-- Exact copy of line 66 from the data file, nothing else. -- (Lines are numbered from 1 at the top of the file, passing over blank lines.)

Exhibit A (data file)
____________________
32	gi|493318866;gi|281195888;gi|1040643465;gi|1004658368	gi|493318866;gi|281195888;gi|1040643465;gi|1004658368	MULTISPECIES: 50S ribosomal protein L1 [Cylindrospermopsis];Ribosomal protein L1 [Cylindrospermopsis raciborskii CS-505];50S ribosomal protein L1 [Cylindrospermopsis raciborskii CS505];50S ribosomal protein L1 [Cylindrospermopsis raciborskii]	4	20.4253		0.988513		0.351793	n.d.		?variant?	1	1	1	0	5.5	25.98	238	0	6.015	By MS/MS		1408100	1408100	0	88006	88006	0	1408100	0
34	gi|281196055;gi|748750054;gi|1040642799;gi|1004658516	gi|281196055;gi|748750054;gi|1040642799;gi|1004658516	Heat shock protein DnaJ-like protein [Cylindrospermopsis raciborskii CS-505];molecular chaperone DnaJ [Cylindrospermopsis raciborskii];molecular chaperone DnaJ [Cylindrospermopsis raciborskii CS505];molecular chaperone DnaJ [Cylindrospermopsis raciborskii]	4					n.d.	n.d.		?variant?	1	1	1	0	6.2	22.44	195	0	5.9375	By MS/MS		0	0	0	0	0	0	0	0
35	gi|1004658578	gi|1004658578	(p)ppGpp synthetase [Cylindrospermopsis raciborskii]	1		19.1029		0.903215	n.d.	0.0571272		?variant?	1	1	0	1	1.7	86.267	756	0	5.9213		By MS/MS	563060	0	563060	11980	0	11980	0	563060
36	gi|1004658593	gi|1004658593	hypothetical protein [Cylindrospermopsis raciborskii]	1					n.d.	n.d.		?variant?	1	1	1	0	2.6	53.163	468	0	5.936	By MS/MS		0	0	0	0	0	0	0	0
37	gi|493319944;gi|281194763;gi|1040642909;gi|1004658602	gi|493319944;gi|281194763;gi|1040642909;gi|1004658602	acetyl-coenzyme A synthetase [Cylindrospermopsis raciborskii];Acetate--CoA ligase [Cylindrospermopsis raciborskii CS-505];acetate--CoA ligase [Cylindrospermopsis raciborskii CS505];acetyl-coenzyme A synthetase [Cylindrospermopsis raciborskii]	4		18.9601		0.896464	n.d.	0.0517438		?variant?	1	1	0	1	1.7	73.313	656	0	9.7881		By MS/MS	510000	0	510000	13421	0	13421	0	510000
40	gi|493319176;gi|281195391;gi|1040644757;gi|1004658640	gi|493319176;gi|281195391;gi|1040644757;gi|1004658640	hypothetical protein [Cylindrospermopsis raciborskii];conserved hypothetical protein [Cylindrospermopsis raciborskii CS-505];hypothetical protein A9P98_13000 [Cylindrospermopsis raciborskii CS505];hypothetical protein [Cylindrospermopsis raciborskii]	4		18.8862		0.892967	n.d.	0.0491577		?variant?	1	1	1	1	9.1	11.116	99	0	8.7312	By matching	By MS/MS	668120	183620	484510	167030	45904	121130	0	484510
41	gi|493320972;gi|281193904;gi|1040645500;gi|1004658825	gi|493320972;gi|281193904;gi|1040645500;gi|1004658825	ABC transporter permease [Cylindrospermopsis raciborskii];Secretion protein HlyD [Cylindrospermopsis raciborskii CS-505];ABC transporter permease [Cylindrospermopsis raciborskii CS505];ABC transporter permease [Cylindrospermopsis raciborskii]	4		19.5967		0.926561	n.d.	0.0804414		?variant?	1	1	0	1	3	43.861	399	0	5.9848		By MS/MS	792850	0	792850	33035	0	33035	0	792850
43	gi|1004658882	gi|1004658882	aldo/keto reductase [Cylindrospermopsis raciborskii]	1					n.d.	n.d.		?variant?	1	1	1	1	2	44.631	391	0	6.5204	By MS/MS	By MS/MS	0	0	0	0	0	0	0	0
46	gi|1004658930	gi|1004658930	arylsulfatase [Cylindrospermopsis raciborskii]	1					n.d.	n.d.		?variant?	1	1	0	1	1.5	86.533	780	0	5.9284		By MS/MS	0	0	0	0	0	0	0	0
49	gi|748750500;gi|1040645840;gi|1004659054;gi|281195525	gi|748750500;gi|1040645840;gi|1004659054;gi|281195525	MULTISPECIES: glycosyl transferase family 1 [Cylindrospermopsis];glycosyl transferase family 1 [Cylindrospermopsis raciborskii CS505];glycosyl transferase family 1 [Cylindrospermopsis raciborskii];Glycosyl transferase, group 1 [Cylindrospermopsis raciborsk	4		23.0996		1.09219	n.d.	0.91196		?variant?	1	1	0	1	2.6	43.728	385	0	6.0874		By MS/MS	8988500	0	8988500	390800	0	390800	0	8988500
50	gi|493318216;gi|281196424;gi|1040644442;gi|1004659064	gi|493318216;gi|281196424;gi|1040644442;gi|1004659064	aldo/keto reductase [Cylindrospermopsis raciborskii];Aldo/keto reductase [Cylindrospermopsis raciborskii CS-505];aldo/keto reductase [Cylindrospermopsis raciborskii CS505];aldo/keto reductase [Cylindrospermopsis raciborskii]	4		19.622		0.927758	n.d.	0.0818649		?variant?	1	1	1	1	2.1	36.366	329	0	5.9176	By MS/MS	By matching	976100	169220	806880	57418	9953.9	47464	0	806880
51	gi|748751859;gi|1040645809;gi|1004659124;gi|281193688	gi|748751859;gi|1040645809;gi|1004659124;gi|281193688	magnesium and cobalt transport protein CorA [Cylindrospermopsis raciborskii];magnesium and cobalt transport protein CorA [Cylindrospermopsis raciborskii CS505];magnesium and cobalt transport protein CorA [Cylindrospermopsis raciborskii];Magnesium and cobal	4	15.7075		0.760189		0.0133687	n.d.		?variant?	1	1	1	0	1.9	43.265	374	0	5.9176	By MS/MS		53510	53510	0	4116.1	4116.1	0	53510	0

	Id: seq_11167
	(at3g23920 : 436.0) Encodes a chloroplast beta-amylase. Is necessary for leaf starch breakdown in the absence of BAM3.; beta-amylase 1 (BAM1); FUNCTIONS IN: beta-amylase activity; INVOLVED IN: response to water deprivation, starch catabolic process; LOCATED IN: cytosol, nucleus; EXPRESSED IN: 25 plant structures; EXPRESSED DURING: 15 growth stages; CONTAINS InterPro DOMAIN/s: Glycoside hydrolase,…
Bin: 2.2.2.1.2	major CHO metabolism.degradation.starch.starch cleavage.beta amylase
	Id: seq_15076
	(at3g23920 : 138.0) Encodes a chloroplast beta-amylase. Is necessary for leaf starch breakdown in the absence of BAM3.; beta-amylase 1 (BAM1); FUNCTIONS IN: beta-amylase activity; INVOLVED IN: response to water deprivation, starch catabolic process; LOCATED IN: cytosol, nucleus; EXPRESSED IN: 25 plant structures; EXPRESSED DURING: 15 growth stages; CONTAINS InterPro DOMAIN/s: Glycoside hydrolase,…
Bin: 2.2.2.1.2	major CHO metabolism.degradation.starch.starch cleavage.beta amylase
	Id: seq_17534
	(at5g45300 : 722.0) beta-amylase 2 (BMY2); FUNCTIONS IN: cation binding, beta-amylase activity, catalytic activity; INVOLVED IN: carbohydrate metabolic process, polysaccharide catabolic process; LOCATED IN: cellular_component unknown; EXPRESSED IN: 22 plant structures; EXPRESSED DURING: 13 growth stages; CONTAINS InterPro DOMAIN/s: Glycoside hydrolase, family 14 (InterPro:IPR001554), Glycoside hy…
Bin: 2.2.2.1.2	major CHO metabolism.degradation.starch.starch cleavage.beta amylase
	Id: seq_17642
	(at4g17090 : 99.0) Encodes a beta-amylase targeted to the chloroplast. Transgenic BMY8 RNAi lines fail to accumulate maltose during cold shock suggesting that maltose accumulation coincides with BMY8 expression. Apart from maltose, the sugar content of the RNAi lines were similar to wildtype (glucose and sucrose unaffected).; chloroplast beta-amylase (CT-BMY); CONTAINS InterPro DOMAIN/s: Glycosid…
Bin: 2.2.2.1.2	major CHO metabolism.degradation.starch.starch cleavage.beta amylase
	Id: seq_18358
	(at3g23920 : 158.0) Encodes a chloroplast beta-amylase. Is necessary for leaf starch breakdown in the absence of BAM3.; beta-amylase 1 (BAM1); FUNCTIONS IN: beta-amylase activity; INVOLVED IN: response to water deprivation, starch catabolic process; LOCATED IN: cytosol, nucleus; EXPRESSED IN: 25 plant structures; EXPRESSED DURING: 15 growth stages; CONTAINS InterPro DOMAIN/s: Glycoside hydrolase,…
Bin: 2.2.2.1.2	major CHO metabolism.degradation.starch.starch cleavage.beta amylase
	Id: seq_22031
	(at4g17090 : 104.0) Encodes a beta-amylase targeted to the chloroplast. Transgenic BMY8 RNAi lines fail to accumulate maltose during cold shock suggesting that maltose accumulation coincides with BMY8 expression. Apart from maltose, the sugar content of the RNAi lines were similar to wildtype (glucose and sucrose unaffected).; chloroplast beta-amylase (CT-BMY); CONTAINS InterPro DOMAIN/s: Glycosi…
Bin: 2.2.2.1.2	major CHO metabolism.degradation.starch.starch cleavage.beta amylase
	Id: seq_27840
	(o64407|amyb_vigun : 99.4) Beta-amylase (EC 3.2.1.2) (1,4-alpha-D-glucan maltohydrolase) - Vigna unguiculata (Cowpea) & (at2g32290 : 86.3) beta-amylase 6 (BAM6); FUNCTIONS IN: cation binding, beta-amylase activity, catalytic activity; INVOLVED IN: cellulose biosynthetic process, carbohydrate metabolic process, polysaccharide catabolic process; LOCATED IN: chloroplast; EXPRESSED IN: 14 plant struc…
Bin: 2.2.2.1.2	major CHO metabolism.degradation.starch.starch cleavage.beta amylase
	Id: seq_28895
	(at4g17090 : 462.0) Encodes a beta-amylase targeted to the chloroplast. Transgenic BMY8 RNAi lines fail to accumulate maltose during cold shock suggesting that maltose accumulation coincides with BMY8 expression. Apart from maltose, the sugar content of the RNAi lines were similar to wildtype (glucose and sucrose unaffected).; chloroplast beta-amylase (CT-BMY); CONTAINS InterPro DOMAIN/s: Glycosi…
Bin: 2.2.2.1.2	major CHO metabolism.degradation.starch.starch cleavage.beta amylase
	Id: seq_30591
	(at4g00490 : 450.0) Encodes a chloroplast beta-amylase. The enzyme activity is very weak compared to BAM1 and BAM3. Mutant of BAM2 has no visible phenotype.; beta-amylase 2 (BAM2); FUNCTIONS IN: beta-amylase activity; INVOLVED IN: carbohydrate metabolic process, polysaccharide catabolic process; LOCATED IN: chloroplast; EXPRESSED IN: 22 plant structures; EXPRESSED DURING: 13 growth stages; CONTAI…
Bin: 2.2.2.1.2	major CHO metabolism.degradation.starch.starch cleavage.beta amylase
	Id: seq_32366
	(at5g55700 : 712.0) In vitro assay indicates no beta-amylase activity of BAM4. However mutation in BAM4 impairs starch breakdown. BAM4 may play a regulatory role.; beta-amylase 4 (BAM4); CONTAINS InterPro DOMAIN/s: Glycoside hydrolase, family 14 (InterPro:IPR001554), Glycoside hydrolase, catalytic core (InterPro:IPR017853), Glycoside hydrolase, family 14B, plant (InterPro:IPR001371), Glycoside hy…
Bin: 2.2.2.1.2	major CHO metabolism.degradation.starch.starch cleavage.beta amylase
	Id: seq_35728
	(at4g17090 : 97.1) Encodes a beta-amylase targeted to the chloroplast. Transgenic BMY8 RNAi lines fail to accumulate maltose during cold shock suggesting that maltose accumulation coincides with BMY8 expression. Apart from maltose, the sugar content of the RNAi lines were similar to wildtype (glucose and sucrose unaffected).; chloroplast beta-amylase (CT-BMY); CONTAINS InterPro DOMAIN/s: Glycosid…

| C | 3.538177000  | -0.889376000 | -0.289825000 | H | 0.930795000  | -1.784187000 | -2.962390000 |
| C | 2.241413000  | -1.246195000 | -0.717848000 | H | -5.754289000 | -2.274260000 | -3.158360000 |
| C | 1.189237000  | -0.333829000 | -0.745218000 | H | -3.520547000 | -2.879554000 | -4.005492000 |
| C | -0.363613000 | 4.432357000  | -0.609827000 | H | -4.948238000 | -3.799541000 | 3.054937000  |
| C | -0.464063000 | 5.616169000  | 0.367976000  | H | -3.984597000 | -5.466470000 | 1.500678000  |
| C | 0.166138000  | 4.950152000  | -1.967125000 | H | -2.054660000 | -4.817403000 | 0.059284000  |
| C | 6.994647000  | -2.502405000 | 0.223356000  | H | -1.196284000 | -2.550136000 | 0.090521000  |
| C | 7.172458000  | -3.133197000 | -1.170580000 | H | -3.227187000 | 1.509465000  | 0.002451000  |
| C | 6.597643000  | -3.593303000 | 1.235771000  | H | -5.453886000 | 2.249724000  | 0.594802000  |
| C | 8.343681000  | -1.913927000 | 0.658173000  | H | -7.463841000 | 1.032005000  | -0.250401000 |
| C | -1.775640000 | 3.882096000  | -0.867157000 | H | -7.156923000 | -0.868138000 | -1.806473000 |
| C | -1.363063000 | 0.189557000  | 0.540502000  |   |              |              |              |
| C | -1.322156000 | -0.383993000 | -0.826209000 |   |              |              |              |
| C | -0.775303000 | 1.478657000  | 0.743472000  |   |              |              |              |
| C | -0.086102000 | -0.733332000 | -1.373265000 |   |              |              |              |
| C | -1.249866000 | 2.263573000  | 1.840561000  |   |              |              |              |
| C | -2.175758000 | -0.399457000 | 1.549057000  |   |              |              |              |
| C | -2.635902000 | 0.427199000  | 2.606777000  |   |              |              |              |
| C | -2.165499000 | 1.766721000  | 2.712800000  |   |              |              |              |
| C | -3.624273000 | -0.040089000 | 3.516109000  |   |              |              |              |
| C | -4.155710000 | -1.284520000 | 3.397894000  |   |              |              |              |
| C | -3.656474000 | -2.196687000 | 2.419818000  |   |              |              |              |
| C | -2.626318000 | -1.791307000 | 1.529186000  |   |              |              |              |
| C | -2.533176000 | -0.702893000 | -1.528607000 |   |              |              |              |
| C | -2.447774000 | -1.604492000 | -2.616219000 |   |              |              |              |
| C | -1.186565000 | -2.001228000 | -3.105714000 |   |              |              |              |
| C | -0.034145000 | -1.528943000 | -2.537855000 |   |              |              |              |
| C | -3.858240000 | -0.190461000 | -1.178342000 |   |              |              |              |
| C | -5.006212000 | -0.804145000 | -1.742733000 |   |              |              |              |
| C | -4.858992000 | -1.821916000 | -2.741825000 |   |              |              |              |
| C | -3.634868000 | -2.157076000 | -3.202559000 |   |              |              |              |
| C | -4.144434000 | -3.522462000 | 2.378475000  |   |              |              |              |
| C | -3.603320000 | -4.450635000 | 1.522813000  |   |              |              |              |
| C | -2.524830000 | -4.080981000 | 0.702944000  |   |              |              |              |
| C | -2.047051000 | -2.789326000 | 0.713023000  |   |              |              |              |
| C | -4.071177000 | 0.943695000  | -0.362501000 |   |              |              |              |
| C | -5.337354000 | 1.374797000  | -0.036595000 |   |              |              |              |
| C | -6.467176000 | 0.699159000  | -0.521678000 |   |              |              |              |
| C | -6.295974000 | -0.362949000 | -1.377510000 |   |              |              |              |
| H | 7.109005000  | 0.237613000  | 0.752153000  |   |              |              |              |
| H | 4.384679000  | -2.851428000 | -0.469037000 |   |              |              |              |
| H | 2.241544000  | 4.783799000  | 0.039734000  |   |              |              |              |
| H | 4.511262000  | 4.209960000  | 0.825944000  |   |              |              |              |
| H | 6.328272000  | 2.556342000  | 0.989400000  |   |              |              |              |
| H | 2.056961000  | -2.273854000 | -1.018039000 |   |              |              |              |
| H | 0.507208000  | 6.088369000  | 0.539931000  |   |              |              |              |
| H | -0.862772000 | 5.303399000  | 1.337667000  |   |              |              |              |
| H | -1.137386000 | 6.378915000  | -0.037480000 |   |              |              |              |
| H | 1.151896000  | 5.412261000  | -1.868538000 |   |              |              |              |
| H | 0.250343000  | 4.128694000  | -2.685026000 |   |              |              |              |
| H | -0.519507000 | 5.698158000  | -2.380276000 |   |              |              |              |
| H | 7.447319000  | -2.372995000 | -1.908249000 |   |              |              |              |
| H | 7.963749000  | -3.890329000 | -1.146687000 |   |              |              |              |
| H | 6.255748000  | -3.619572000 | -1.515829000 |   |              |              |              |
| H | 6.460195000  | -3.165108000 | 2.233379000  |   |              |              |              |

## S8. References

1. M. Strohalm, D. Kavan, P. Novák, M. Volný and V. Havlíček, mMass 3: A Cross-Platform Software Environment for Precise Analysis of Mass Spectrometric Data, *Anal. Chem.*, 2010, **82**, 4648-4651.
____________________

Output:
| C | -3.656474000 | -2.196687000 | 2.419818000  |   |              |              |              |